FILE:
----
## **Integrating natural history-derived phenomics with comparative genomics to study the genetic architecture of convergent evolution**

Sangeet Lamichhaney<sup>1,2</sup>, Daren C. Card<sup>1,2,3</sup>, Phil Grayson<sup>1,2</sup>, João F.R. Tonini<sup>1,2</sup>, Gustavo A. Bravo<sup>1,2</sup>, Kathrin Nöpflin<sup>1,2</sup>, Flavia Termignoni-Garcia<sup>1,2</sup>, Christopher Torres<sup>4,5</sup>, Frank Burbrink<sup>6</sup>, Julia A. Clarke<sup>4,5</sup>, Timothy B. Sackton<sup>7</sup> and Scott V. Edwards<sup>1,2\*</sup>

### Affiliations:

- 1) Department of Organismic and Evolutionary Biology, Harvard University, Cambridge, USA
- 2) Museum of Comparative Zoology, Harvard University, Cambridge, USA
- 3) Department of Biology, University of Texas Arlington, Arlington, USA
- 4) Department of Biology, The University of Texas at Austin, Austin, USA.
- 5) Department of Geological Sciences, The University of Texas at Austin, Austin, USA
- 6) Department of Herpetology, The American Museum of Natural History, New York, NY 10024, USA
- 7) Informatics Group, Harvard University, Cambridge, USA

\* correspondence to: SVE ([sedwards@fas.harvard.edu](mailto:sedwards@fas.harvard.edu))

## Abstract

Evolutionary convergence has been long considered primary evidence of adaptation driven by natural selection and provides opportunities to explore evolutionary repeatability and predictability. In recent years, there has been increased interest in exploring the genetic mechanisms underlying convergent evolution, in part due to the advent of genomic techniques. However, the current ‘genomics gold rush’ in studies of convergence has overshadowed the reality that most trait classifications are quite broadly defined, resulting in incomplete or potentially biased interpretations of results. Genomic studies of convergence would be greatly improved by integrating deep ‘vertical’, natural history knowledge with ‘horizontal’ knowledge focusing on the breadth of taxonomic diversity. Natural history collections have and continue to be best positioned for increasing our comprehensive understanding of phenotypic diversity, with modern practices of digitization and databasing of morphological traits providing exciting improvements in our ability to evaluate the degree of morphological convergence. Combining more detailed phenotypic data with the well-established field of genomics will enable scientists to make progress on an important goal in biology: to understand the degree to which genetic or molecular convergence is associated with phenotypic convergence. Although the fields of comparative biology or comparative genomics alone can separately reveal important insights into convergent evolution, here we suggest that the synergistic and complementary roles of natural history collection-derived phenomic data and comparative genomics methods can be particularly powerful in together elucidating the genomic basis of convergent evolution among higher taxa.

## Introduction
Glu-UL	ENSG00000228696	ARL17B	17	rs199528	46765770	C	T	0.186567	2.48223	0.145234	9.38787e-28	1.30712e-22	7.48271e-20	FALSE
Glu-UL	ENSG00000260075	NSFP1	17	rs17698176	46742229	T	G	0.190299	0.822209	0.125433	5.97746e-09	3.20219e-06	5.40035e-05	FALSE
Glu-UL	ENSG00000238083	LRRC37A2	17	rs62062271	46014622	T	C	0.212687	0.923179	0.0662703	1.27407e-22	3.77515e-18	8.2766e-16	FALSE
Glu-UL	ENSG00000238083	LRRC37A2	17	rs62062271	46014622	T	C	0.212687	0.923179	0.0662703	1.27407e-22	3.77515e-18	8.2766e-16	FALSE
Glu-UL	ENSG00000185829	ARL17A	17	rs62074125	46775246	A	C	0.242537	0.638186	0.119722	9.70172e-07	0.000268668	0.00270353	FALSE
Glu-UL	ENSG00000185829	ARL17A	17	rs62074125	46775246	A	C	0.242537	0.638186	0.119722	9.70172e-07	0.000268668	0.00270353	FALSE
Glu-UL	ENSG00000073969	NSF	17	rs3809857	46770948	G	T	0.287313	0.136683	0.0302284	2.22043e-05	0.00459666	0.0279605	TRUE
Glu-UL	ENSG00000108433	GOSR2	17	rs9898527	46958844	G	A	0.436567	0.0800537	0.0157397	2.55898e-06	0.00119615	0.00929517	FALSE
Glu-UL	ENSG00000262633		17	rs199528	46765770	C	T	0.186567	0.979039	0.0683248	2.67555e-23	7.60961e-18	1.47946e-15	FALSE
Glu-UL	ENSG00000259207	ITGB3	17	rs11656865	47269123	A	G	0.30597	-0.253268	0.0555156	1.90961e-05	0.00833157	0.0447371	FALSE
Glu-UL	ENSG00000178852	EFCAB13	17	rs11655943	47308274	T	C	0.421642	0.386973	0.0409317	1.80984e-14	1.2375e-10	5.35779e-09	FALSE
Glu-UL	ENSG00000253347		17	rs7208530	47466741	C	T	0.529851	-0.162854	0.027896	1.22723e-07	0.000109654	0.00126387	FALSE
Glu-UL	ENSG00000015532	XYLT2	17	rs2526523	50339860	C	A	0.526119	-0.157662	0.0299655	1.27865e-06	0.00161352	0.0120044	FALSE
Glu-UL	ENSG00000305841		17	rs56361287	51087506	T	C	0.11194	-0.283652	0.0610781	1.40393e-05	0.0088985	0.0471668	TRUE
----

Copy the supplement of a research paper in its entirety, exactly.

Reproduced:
## **Integrating natural history-derived phenomics with comparative genomics to study the genetic architecture of convergent evolution**

Sangeet Lamichhaney<sup>1,2</sup>, Daren C. Card<sup>1,2,3</sup>, Phil Grayson<sup>1,2</sup>, João F.R. Tonini<sup>1,2</sup>, Gustavo A. Bravo<sup>1,2</sup>, Kathrin Nöpflin<sup>1,2</sup>, Flavia Termignoni-Garcia<sup>1,2</sup>, Christopher Torres<sup>4,5</sup>, Frank Burbrink<sup>6</sup>, Julia A. Clarke<sup>4,5</sup>, Timothy B. Sackton<sup>7</sup> and Scott V. Edwards<sup>1,2\*</sup>

### Affiliations:

- 1) Department of Organismic and Evolutionary Biology, Harvard University, Cambridge, USA
- 2) Museum of Comparative Zoology, Harvard University, Cambridge, USA
- 3) Department of Biology, University of Texas Arlington, Arlington, USA
- 4) Department of Biology, The University of Texas at Austin, Austin, USA.
- 5) Department of Geological Sciences, The University of Texas at Austin, Austin, USA
- 6) Department of Herpetology, The American Museum of Natural History, New York, NY 10024, USA
- 7) Informatics Group, Harvard University, Cambridge, USA

\* correspondence to: SVE ([sedwards@fas.harvard.edu](mailto:sedwards@fas.harvard.edu))

## Abstract

Evolutionary convergence has been long considered primary evidence of adaptation driven by natural selection and provides opportunities to explore evolutionary repeatability and predictability. In recent years, there has been increased interest in exploring the genetic mechanisms underlying convergent evolution, in part due to the advent of genomic techniques. However, the current ‘genomics gold rush’ in studies of convergence has overshadowed the reality that most trait classifications are quite broadly defined, resulting in incomplete or potentially biased interpretations of results. Genomic studies of convergence would be greatly improved by integrating deep ‘vertical’, natural history knowledge with ‘horizontal’ knowledge focusing on the breadth of taxonomic diversity. Natural history collections have and continue to be best positioned for increasing our comprehensive understanding of phenotypic diversity, with modern practices of digitization and databasing of morphological traits providing exciting improvements in our ability to evaluate the degree of morphological convergence. Combining more detailed phenotypic data with the well-established field of genomics will enable scientists to make progress on an important goal in biology: to understand the degree to which genetic or molecular convergence is associated with phenotypic convergence. Although the fields of comparative biology or comparative genomics alone can separately reveal important insights into convergent evolution, here we suggest that the synergistic and complementary roles of natural history collection-derived phenomic data and comparative genomics methods can be particularly powerful in together elucidating the genomic basis of convergent evolution among higher taxa.

## Introduction
Glu-UL	ENSG00000228696	ARL17B	17	rs199528	46765770	C	T	0.186567	2.48223	0.145234	9.38787e-28	1.30712e-22	7.48271e-20	FALSE
Glu-UL	ENSG00000260075	NSFP1	17	rs17698176	46742229	T	G	0.190299	0.822209	0.125433	5.97746e-09	3.20219e-06	5.40035e-05	FALSE
Glu-UL	ENSG00000238083	LRRC37A2	17	rs62062271	46014622	T	C	0.212687	0.923179	0.0662703	1.27407e-22	3.77515e-18	8.2766e-16	FALSE
Glu-UL	ENSG00000238083	LRRC37A2	17	rs62062271	46014622	T	C	0.212687	0.923179	0.0662703	1.27407e-22	3.77515e-18	8.2766e-16	FALSE
Glu-UL	ENSG00000185829	ARL17A	17	rs62074125	46775246	A	C	0.242537	0.638186	0.119722	9.70172e-07	0.000268668	0.00270353	FALSE
Glu-UL	ENSG00000185829	ARL17A	17	rs62074125	46775246	A	C	0.242537	0.638186	0.119722	9.70172e-07	0.000268668	0.00270353	FALSE
Glu-UL	ENSG00000073969	NSF	17	rs3809857	46770948	G	T	0.287313	0.136683	0.0302284	2.22043e-05	0.00459666	0.0279605	TRUE
Glu-UL	ENSG00000108433	GOSR2	17	rs9898527	46958844	G	A	0.436567	0.0800537	0.0157397	2.55898e-06	0.00119615	0.00929517	FALSE
Glu-UL	ENSG00000262633		17	rs199528	46765770	C	T	0.186567	0.979039	0.0683248	2.67555e-23	7.60961e-18	1.47946e-15	FALSE
Glu-UL	ENSG00000259207	ITGB3	17	rs11656865	47269123	A	G	0.30597	-0.253268	0.0555156	1.90961e-05	0.00833157	0.0447371	FALSE
Glu-UL	ENSG00000178852	EFCAB13	17	rs11655943	47308274	T	C	0.421642	0.386973	0.0409317	1.80984e-14	1.2375e-10	5.35779e-09	FALSE
Glu-UL	ENSG00000253347		17	rs7208530	47466741	C	T	0.529851	-0.162854	0.027896	1.22723e-07	0.000109654	0.00126387	FALSE
Glu-UL	ENSG00000015532	XYLT2	17	rs2526523	50339860	C	A	0.526119	-0.157662	0.0299655	1.27865e-06	0.00161352	0.0120044	FALSE
Glu-UL	ENSG00000305841		17	rs56361287	51087506	T	C	0.11194	-0.283652	0.0610781	1.40393e-05	0.0088985	0.0471668	TRUE